I wanted to find a way to get these machines because I knew it would eventually expand and transition into making clothes from scratch. I got my first apartment and things slowed down so I had to take a step back and figure out how to make this happen. A year passed and I finally got blessed with some money that I invested into these machines. And here I am now.
Would you sell your customized pieces in the beginning?
Yeah, that’s what I started off doing – one of one customized pieces for people. Now I’m in the process of working on my brand and getting into production. I’ve actually found a studio space just waiting on the go ahead to move in and then I can start expanding and start bringing people onto the team to create a full-on brand.
Tell me more about the relationships that you’ve built through customizing. Did you start out just creating for your friends?
I was creating a lot of clothes for myself and my girlfriend at the time. Then I created really small 1 of 1 collections by repurposing old clothes. With those collections, I presented at Chicago’s Fashion Week and that helped me get a better idea of the industry. It took forever to do that, but it was a lot of fun.
Was there a lot of pressure presenting your art to larger groups of people than you were used to?
It was really interesting. At the time I was just trying to figure out where I wanted to go, what I wanted to say and what I wanted to represent. Right after I started doing patchwork it became kind of a trend. That pushed me back a little and I started adding different things like painting and silkscreening. I would silkscreen my own patches and sew them onto the jeans. I wanted to be unique during my pre-design phase of creating.
Why did the patchwork trend set you back?
I didn’t want anyone to think I was copying anyone else. I still stuck close to it because I respected the story behind the techniques and the actual style of clothing.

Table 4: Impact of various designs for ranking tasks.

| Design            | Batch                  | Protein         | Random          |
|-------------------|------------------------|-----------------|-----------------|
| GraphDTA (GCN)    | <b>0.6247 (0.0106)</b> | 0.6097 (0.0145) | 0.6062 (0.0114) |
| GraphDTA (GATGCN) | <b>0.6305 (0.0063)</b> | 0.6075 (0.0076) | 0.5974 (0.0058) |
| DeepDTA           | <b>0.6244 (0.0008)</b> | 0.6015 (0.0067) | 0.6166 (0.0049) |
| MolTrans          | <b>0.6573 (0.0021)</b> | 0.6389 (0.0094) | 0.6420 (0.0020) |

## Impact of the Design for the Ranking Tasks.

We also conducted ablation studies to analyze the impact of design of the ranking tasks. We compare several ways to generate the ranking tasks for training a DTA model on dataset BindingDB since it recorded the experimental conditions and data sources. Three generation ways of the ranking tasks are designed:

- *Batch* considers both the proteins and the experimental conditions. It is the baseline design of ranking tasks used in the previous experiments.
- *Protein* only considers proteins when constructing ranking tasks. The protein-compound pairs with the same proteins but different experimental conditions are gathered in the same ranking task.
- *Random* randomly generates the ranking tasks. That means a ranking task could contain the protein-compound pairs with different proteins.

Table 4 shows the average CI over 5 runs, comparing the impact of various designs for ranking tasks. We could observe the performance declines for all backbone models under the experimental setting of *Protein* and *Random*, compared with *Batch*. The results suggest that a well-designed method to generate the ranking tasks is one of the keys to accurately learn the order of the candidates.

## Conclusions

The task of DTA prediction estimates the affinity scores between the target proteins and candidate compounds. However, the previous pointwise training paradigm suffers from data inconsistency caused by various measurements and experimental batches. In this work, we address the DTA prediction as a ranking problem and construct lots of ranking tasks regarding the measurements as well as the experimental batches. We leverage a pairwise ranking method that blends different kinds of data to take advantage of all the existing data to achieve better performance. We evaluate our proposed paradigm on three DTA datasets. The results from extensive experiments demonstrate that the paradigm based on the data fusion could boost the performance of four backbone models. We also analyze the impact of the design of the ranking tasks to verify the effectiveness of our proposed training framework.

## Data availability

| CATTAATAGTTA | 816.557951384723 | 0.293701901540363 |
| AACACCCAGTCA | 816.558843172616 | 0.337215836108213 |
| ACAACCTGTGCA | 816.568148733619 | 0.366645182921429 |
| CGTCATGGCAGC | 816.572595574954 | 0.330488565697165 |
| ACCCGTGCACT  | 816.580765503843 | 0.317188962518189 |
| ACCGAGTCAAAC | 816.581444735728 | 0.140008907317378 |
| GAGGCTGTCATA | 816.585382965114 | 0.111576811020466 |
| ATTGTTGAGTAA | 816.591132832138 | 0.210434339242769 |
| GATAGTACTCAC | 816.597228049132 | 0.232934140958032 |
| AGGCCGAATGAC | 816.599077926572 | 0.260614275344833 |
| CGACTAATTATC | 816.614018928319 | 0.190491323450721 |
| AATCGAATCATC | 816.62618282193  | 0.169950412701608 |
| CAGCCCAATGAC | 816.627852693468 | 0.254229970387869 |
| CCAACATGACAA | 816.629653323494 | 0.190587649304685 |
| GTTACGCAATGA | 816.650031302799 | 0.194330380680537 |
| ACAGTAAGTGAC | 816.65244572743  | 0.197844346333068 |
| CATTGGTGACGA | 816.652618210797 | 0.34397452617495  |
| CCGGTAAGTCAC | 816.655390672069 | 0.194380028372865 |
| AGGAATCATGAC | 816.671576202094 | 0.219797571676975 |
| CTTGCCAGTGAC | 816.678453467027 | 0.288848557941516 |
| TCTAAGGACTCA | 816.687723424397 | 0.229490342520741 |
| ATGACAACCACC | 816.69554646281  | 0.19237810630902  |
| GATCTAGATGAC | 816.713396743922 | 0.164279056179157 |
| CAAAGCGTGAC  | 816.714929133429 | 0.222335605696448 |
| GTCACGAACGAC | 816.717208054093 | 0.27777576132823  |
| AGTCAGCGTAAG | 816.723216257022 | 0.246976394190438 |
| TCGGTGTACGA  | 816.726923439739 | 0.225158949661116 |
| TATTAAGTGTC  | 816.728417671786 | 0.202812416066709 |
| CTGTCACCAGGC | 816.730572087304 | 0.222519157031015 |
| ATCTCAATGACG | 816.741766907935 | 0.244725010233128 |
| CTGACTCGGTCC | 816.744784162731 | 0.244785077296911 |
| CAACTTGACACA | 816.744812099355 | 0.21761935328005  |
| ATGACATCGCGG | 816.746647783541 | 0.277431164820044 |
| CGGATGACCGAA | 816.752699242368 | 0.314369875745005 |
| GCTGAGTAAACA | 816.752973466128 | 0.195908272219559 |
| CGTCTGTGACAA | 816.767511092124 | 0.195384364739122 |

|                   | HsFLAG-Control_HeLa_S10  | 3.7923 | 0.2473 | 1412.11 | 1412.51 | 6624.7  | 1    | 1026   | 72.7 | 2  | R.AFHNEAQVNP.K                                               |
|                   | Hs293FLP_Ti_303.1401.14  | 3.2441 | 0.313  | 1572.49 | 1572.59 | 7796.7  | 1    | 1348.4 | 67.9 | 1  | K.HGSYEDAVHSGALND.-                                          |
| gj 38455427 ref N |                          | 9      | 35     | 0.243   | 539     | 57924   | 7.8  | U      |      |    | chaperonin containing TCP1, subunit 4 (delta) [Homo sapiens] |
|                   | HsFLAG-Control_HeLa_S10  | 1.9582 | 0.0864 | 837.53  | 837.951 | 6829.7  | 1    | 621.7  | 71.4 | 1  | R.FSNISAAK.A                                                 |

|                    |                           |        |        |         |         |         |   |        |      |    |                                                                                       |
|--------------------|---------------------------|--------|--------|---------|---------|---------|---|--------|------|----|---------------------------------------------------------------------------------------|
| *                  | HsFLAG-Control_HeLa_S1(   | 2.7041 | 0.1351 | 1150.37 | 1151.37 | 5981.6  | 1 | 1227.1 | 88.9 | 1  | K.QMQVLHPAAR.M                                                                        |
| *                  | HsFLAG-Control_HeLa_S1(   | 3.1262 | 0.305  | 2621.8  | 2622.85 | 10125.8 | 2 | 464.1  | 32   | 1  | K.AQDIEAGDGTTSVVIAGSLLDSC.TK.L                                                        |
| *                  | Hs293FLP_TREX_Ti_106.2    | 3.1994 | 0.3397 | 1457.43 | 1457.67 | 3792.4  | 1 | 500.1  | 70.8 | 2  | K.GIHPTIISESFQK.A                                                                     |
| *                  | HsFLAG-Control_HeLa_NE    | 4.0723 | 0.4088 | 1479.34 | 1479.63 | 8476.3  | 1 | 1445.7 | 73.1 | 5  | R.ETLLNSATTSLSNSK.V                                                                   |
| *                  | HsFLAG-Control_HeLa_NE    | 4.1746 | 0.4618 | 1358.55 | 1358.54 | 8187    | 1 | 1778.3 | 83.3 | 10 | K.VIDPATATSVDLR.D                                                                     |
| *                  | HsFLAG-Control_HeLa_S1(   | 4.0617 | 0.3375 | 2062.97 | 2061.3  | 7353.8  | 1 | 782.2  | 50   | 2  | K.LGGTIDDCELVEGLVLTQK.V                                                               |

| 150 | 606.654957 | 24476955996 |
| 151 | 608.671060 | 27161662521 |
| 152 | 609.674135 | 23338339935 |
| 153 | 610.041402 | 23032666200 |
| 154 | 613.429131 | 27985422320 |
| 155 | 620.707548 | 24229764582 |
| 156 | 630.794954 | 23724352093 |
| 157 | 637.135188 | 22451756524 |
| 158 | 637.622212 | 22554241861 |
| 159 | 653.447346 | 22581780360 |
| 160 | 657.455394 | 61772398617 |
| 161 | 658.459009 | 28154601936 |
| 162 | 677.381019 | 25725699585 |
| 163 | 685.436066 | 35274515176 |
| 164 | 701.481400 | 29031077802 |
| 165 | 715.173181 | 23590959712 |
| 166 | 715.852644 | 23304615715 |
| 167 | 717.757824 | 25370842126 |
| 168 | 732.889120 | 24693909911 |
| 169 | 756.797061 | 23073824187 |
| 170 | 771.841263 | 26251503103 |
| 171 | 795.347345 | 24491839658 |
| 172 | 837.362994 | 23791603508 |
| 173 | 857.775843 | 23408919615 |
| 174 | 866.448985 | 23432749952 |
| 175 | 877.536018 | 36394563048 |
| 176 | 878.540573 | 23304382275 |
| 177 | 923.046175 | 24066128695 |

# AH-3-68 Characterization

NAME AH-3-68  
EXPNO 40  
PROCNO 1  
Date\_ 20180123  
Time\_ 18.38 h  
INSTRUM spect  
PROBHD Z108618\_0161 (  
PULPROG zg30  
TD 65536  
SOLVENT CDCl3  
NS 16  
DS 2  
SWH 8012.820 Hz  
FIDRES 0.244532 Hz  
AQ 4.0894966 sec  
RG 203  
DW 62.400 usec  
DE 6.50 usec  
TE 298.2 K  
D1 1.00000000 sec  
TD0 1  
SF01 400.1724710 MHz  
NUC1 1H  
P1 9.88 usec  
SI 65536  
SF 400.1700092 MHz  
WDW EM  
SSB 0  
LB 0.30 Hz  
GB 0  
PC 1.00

How did you start out making your own clothes without formal training?
I started by breaking down clothes that I liked and making patterns out of them to try to recreate them. And then I started slightly altering patterns – that’s what I’m working on now is creating my own silhouettes and looks – and I’ve been taking different pieces from different pockets and other garments and putting them together with new fabric that I find.
What are you creating right now?
I’m working on some sample jackets. I’m redefining the narrative of color theory.
Is orange your favorite color?
One of them, yeah.
How’d I guess… [Laughs.]
I loved these pants on your Instagram. Those were really visually pleasing but very functional. How much of that functional piece do you put into your creations?
I really love function and utilitarian styles of clothing. Without functionality, the garment is just cool looking. With function, it becomes classic. If I buy this piece of clothing, will I have it five years from now and still want to wear it?
Does that part go into the design initially or is the function incorporated later when you’re already creating the piece?
Oh man, it depends on the design. I start out by sketching. Everytime I sketch, I end up changing it. When it came to customizing, I didn’t sketch anything. I just looked at it, take a step back, look some more, spray some paint on there, look again, maybe dye it, look again, sew it up. Now, I may sketch something but once I start making it another idea may come to mind. Translating from sketch to a real piece is crazy.
In that case, do you think sketching is even still necessary?
Oh yeah! 100%. You have to be able to lay the ideas down and see it on a piece of paper. It leaves room to have more ideas.
Designing for Taylor Bennett on Late Show with Stephen Colbert
Tell me about your trip to New York! When we first met you were preparing for it.
That was a hectic time. I pretty much had two or three days to make three full outfits. But everything went great! The pressure taught me a lot.
Taylor Bennett has been one of my friends since grammar school. He gave me the concept for his song Streaming Services and told me to just build three outfits for three performers of the song. I researched the three individuals’ styles and designed based off the essence of the song and how they normally dressed. I played off of American colors, some black, and rockstar silhouettes. I wanted Taylor to look like a new-age rockstar.
Did he ask to see the designs before you started making them?
He trusted me. I had made a couple pairs of pants for him before so he knew what my work was like. I was on set and it was really cool. I was there the whole time for the rehearsals and everything.
What was it like being behind the scenes of such a large production?
When I got there everything was chill because I already made the clothes. It was really cool – I got to see my friend who lives out there, I got to explore and see some things. But I was only there for three days so I didn’t get to do much. It was an amazing experience and a great way to start off the year.